division of authority - diminishing a director's discretion
Posted 22 March 2001 - 08:13 AM
i suspect an idea like that might be easy to sell to a board that's a little scared about where their money is going, and that of their friends. but in my opinion, and i would love to hear from others, what it generally results in is the same problem pointed in another direction. away from art, your organization may seem more organized, but art sells the tickets, brings in the audience, brings in the patrons, and you could end up being a very well organized group that doesn't sell and thereby organizes itself out of existence.
in an atmosphere organized around this trend, for instance, a dancer like nureyev could not survive anymore, genius or not, because a pool of corporate decisionmakers would decide that artistic temperament was not profitable to deal with, and would make an example out of such a one, at the same time avoiding having responsibility for that being laid on the shoulders of one person by making it a decision by committee that most probably includes non-artists. and i think that a good artistic director has to have a foot in both places, both business and art, even if someone else is balancing the books; a responsible artistic director knows what the budget is and works hard to keep within it, and a lot of them do well.
however, you cannot legislate all uncertainties and you cannot entirely eliminate risk, and risk is not the sole provenance of artists. corporate re-organization cannot sell tickets the public doesn't want to buy. the public's perception is just as important as any other factor in a company's success, even though it might be difficult for an organization with such a mind-set to deal with, because it cannot be controlled. and in the end, a company succeeds or doesn't succeed on the strength of that public, and not on whether or not its administration is run on a typical corporate business model. i don't think most such administrations think of art and business as partners, but of art as a stepchild of sorts, that if it works, serves to justify their existence, instead of as a symbiotic type of relationship. i don't think it's going to work finally; in the end, i think these groups will either cease to exist or have to radically reorganize yet again. (aren't you glad you didn't ask what i thought?)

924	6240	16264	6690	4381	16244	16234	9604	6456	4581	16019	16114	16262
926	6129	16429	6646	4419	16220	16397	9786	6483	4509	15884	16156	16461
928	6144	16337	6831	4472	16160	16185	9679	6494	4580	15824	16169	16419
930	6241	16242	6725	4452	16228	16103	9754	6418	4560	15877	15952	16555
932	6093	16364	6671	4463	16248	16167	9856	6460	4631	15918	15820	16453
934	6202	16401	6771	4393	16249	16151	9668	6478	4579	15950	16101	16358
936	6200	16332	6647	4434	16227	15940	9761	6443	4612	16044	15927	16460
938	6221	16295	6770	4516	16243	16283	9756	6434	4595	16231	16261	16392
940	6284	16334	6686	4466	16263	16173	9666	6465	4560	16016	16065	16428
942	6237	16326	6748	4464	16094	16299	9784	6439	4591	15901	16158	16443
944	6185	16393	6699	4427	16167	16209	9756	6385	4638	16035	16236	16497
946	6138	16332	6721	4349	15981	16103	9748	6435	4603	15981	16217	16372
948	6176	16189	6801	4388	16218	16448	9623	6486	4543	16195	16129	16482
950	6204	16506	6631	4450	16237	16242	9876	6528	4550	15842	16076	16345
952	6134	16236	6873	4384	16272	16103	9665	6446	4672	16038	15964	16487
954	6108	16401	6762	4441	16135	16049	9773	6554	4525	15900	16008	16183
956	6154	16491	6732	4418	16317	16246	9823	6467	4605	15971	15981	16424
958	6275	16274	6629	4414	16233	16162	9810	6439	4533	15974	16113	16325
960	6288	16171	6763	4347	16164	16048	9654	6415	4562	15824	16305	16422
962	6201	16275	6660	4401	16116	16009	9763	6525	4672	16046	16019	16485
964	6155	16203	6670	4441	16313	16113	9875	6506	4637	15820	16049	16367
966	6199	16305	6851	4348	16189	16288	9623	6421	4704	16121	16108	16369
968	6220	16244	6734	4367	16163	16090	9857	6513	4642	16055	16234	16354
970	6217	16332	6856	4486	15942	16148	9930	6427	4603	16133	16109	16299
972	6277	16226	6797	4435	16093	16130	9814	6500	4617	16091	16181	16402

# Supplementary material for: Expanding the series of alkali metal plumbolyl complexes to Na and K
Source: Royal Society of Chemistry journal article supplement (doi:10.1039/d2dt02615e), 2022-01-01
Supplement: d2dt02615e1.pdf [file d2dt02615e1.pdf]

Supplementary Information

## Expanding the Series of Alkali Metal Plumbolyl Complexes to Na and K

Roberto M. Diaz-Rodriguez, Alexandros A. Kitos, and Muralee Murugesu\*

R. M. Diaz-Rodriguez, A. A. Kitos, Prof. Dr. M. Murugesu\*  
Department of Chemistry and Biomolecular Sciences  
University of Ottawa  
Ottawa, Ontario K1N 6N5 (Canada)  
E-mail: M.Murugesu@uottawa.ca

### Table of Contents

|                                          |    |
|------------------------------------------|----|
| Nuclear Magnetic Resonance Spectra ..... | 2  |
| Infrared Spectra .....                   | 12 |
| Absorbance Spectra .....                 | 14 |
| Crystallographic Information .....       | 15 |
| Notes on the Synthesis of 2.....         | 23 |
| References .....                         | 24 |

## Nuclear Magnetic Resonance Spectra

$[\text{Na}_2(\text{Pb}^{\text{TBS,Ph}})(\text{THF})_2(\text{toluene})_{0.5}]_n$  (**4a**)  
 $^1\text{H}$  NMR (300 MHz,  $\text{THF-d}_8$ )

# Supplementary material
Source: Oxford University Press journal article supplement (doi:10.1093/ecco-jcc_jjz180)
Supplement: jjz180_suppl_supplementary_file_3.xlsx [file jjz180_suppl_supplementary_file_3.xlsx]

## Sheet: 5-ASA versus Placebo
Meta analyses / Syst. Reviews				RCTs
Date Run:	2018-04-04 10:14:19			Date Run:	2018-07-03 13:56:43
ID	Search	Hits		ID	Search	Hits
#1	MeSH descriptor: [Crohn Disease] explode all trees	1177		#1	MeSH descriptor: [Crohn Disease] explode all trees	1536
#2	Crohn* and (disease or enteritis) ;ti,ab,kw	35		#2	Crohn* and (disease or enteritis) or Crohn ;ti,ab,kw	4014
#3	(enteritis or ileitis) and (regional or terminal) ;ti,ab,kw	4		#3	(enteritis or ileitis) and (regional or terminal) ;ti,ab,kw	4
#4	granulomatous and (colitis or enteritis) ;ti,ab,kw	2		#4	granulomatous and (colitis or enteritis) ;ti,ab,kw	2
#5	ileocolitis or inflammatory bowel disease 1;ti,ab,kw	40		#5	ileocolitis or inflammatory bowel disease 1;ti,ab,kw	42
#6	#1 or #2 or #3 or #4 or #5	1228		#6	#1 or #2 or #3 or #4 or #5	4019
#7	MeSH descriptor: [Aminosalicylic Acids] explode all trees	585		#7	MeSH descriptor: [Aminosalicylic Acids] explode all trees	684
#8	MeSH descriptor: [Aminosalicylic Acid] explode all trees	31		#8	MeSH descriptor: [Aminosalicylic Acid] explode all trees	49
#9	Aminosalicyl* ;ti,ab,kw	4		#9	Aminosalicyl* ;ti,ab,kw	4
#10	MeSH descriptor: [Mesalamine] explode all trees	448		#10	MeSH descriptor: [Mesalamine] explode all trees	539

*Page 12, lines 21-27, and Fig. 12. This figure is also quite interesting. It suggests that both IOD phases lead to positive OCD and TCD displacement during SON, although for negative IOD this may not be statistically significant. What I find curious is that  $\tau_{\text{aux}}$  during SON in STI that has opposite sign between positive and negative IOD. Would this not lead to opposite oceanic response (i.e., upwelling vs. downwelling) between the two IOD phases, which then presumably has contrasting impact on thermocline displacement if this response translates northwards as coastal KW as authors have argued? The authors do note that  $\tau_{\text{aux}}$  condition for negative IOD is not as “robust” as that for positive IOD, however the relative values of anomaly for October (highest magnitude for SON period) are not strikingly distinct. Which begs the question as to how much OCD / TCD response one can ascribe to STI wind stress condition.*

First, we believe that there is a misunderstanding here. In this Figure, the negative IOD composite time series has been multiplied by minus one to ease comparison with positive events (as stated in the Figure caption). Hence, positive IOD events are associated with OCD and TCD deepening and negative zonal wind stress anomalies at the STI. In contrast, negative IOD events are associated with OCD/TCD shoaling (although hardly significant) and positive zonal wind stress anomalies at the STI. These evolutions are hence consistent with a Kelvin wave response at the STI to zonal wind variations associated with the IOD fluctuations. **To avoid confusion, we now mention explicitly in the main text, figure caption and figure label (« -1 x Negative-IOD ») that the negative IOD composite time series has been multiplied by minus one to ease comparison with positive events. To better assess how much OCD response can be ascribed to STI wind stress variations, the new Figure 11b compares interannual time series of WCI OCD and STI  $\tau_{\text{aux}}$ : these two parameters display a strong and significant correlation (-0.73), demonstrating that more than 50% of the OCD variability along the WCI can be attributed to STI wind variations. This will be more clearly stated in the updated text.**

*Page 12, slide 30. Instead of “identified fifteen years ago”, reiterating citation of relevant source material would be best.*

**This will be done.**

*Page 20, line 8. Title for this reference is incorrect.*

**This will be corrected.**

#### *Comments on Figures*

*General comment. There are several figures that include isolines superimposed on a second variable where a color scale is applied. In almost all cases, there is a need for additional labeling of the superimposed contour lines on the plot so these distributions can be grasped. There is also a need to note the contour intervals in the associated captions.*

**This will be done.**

[This message has been edited by Mme. Hermine (edited March 22, 2001).]
Posted 22 March 2001 - 09:37 AM
Posted 22 March 2001 - 12:26 PM
Posted 22 March 2001 - 01:32 PM
Most successfull businesses began as someone's passion to build a better mousetrap (or make a better dance). In earlier times (much government/private dance funding)the pressure to succeed from a financial standpoint was greater in business than dance earlier. This is changing as the arts lose funding sources and find revivals keep the seats full.
Our loss is that dance makers no longer have the opportunity to create and create. Today there is often a one shot mentality - if it works, change the wrapper and make more. If it does not, then bring back something that did.
Here we can learn from businesses. They bring new products (ballets) using the funds from older reliable products (Nuts). They must grow audiences or lose out to the competition. In dance we often overlook this aspect due to the use of such funds to operate versus create. Or at least sometimes fail to see how new work and better marketing can increase audience.
Sorry to ramble....
Posted 22 March 2001 - 03:32 PM
Posted 22 March 2001 - 08:06 PM
Power abhors a vacuum. Someone must be in charge and, since it's ballet you are staging, it damn well better be someone who is steeped in that craft.
[This message has been edited by Michael1 (edited March 22, 2001).]
Posted 22 March 2001 - 08:53 PM